We haven’t seen anything like this since the capital region was the epicentre of a global boom in fibre-optic technology.
We haven’t seen anything like this since the capital region was the epicentre of a global boom in fibre-optic technology.
With Tuesday morning’s revelation by Kanata-based Rockport Networks that it has secured US$48 million in fresh equity, the region’s tech sector has accumulated nearly US$500 million in venture capital just since October.
Adjusted for inflation, that’s just shy of the US$540 million landed by Ottawa’s tech firms during the blowout fourth quarter of 2000.
No quarter before that or since had come close. Until now.
The contrast between then and now is stunning. Two decades ago, the emphasis was on Internet hardware and wavelengths of light. Now, investments are targeted at e-commerce, software and the many uses to which the latter can be put.
That’s true even of Rockport, whose co-founder Doug Carwardine spent the early part of his career steeped in communications hardware at Newbridge Networks, the legendary Kanata startup that was snapped up by Alcatel for US$7 billion in 2000.
After he helped to launch Rockport in 2012, Carwardine pushed the development of clever software for reducing congestion on communications networks. By making do without hardwired switches, Rockport’s products can move data more quickly, while consuming less energy.
Certainly, these were the attributes that convinced Northern Private Capital of Toronto to lead Tuesday’s investment.
Carwardine and his colleagues are patient builders. So, too, were British immigrants John Roberts and Girvan Patterson, the co-founders of Kanata-based GaN Systems, which last month finalized a US$150 million venture investment. Pioneers in Ottawa’s tech scene, Roberts and Patterson spent a decade developing semiconductors built with gallium nitride rather than the traditional silicon and selling these to automakers and consumer electronics firms, among others. Gallium nitride chips are lighter and consume less energy, making them ideal for many green applications.
By the time Roberts and Patterson retired in 2016, they had sold the technology to more than 500 customers and established the firm as the globe’s number one supplier of gallium nitride chips. GaN Systems continues its expansion under CEO Jim Witham who announced the recent venture financing deal aimed at accelerating the momentum.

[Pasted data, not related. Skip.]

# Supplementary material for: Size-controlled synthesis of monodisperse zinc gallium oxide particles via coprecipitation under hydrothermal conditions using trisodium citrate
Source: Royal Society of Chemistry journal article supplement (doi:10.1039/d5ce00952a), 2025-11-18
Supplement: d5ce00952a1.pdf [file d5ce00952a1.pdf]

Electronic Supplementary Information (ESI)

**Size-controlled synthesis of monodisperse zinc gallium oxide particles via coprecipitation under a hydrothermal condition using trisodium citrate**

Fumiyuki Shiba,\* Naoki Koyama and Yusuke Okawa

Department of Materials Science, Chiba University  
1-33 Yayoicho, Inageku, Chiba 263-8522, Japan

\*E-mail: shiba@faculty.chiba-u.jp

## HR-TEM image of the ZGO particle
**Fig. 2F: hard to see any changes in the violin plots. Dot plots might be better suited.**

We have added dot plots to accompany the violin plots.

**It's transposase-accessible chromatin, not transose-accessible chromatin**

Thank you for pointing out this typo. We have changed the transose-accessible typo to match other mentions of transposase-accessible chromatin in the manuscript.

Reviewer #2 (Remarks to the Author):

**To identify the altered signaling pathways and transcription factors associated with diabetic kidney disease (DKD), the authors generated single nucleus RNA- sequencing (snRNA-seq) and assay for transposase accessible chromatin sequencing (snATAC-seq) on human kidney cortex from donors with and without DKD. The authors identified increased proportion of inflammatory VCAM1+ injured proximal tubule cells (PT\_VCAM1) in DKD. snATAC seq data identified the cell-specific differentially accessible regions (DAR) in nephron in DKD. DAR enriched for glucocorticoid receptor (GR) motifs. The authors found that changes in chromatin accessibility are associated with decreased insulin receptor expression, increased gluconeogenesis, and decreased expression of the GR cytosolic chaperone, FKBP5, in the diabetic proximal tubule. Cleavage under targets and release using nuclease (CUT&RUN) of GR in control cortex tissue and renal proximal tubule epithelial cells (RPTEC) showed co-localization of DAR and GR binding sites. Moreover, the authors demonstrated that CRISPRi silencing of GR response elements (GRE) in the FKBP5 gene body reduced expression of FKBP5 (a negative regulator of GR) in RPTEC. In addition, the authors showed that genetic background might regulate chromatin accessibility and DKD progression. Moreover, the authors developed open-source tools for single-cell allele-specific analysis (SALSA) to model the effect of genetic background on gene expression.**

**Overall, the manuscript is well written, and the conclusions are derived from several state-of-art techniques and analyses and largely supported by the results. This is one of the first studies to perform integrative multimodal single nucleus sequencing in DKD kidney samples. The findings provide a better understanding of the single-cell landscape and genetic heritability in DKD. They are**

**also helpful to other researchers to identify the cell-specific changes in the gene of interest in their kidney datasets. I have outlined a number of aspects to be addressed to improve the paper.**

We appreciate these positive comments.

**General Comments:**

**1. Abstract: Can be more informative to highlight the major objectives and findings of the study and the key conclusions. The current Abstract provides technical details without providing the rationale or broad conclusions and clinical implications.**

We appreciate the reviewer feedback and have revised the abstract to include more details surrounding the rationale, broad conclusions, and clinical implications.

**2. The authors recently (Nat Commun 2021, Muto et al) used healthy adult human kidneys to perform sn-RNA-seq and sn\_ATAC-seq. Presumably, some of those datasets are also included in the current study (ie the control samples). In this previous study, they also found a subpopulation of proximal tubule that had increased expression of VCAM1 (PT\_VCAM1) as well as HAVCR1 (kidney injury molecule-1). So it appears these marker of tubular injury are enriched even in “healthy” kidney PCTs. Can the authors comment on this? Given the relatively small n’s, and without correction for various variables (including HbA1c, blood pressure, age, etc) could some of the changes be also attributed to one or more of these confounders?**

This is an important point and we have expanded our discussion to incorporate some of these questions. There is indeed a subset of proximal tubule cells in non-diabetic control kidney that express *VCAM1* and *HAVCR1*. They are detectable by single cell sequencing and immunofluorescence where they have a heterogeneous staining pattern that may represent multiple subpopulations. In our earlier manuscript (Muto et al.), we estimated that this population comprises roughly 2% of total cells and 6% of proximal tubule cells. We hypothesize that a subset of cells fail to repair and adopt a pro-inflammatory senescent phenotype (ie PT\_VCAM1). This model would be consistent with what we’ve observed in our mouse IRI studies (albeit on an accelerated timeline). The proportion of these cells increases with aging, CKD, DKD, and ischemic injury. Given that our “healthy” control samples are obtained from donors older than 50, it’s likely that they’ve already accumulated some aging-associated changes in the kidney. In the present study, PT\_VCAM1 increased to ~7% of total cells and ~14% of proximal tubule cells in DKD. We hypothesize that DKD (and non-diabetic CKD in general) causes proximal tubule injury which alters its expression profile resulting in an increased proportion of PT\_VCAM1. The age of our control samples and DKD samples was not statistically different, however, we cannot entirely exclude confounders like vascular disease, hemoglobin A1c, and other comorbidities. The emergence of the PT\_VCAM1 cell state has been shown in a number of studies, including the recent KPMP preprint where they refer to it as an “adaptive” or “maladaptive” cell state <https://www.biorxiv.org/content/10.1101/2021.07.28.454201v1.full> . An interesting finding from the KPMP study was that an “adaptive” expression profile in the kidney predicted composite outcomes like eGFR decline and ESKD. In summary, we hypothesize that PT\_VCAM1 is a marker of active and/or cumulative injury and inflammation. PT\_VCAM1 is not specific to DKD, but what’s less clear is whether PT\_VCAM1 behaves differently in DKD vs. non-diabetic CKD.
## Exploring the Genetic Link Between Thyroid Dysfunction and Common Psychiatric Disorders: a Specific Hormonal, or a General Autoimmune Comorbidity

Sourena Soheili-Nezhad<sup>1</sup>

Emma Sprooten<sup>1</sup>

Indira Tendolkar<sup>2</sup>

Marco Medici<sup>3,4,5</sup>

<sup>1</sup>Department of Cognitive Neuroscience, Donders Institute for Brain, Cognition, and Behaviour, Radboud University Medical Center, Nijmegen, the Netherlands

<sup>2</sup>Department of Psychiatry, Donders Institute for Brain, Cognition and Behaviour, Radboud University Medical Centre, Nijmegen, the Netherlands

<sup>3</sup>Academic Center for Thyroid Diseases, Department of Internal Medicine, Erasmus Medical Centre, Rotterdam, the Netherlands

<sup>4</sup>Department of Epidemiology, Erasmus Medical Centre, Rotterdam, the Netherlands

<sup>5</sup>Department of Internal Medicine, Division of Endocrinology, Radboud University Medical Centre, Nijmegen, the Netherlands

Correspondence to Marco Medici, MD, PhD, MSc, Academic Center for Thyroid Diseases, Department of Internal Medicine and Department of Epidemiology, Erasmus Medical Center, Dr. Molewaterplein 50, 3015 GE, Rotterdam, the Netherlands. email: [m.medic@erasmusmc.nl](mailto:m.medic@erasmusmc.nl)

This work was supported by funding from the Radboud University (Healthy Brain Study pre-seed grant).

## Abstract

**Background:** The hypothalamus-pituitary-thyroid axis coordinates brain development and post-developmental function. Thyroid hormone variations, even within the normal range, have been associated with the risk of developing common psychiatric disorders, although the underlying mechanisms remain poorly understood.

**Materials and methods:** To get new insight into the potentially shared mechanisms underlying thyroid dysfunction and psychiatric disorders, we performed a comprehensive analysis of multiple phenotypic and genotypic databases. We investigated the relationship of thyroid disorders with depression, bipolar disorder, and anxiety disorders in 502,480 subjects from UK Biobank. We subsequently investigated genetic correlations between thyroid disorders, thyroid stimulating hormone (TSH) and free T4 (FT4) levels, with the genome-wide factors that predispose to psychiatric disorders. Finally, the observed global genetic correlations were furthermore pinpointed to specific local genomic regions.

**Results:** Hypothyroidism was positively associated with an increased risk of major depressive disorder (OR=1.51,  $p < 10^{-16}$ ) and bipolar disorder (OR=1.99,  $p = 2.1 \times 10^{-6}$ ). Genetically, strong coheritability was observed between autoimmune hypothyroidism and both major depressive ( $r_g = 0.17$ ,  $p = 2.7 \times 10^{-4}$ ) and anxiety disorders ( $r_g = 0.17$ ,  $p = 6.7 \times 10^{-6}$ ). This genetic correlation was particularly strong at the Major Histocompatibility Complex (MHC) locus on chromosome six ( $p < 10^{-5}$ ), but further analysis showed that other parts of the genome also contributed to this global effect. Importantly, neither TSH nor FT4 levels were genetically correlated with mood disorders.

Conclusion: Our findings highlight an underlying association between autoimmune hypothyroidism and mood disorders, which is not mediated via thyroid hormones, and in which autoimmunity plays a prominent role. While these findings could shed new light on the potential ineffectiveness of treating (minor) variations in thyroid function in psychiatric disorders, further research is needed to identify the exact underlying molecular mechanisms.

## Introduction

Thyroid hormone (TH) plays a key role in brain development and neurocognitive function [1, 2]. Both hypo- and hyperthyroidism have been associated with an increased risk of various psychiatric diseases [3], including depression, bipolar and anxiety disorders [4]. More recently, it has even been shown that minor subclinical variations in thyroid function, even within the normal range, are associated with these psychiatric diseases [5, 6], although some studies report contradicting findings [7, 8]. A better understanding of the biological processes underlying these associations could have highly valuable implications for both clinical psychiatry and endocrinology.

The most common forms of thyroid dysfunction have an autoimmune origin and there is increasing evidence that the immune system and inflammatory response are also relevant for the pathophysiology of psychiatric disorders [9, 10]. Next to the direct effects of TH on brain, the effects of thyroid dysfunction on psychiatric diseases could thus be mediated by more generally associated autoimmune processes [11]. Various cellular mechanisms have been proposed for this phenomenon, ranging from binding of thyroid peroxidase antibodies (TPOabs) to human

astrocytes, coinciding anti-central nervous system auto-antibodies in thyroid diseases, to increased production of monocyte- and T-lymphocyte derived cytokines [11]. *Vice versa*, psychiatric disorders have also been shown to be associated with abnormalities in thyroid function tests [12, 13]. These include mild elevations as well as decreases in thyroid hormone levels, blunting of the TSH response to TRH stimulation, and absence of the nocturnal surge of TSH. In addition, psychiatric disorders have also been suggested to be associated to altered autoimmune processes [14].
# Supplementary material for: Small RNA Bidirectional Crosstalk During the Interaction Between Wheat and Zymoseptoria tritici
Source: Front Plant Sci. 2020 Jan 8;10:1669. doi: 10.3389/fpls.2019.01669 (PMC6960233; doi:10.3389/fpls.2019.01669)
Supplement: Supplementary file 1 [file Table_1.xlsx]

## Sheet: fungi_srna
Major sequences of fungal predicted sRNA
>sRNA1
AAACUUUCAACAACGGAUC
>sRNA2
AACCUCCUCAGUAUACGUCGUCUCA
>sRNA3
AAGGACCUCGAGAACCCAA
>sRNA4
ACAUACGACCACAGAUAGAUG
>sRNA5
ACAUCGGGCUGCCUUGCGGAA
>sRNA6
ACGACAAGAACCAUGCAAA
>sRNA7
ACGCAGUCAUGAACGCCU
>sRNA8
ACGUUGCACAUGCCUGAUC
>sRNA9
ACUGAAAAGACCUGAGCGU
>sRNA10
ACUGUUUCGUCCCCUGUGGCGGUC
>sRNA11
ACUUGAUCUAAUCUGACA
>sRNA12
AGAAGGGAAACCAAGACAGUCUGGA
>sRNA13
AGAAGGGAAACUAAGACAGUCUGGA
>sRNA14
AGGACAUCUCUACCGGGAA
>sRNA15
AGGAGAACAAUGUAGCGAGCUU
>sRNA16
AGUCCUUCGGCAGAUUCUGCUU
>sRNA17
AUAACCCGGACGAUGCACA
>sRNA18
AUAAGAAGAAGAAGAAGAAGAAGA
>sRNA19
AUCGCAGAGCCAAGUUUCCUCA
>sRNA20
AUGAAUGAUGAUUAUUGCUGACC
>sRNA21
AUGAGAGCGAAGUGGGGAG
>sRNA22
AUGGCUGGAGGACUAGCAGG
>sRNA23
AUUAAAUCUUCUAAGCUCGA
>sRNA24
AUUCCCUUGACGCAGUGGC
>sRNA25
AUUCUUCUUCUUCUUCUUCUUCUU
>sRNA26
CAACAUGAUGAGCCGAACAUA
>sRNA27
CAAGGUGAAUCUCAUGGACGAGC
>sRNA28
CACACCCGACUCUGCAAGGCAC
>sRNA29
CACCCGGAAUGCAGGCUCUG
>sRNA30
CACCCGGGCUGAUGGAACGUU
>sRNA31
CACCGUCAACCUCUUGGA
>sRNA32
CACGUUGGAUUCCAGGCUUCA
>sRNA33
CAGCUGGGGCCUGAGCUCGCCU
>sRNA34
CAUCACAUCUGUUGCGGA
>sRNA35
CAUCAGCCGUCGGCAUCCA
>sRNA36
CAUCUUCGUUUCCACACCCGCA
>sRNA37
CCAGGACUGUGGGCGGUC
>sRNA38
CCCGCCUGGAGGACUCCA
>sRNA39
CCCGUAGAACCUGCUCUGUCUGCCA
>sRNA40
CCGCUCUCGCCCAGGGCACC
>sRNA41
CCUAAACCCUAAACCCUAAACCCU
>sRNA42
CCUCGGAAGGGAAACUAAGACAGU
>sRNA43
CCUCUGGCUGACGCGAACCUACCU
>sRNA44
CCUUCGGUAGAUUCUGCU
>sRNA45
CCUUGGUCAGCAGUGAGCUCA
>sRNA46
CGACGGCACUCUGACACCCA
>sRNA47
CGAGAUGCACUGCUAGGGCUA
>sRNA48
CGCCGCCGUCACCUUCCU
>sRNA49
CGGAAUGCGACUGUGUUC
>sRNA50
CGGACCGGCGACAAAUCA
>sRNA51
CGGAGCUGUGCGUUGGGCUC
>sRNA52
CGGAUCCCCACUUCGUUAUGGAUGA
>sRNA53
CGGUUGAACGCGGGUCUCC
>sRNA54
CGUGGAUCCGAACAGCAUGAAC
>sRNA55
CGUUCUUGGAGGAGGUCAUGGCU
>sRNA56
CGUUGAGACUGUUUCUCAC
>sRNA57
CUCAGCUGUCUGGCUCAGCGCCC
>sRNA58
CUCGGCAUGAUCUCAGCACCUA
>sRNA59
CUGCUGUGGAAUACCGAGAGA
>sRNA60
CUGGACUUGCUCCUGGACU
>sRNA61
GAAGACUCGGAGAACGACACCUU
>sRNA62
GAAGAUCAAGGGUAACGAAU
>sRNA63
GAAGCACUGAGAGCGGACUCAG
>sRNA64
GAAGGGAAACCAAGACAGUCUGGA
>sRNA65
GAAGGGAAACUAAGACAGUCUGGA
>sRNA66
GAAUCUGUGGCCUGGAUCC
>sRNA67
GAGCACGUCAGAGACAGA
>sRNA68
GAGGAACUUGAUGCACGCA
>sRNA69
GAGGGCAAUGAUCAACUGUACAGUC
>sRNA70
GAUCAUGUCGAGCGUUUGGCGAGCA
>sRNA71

The biggest local investment in the fourth quarter to date — US$250 million — was hauled down by Fullscript, which physicians and other wellness practitioners use to personalize nutrition regimes for more than half a million patients.
Fullscript, too, has been many years in the making but has grown at great speed. Co-founders Kyle Braatz and Brad Dyment launched their venture in 2011 and quickly developed an enthusiastic following — helped along by a merger with an Arizona wholesaler of nutritional supplements. The company’s base of practitioners tops 30,000. Revenues this year are expected to reach US$300 million.
Rounding out the venture capital recipients is a pair of relatively young software companies with the missions of making life easier for online corporations. Knak and Fellow.app raised US$25 million and US$24 million respectively in the current quarter.
Knak, run by Pierce Ujjainwalla, has developed products for measuring the effectiveness of corporations’ global marketing campaigns.
Fellow.app, led by Aydin Mirzaee, has developed a software assistant to help managers focus their relations with employees throughout the year, and never lose sight of commitments. His all-important first customer? Local e-commerce giant Shopify.
With any luck, this blowout quarter for venture financing will turn out much differently than the last one.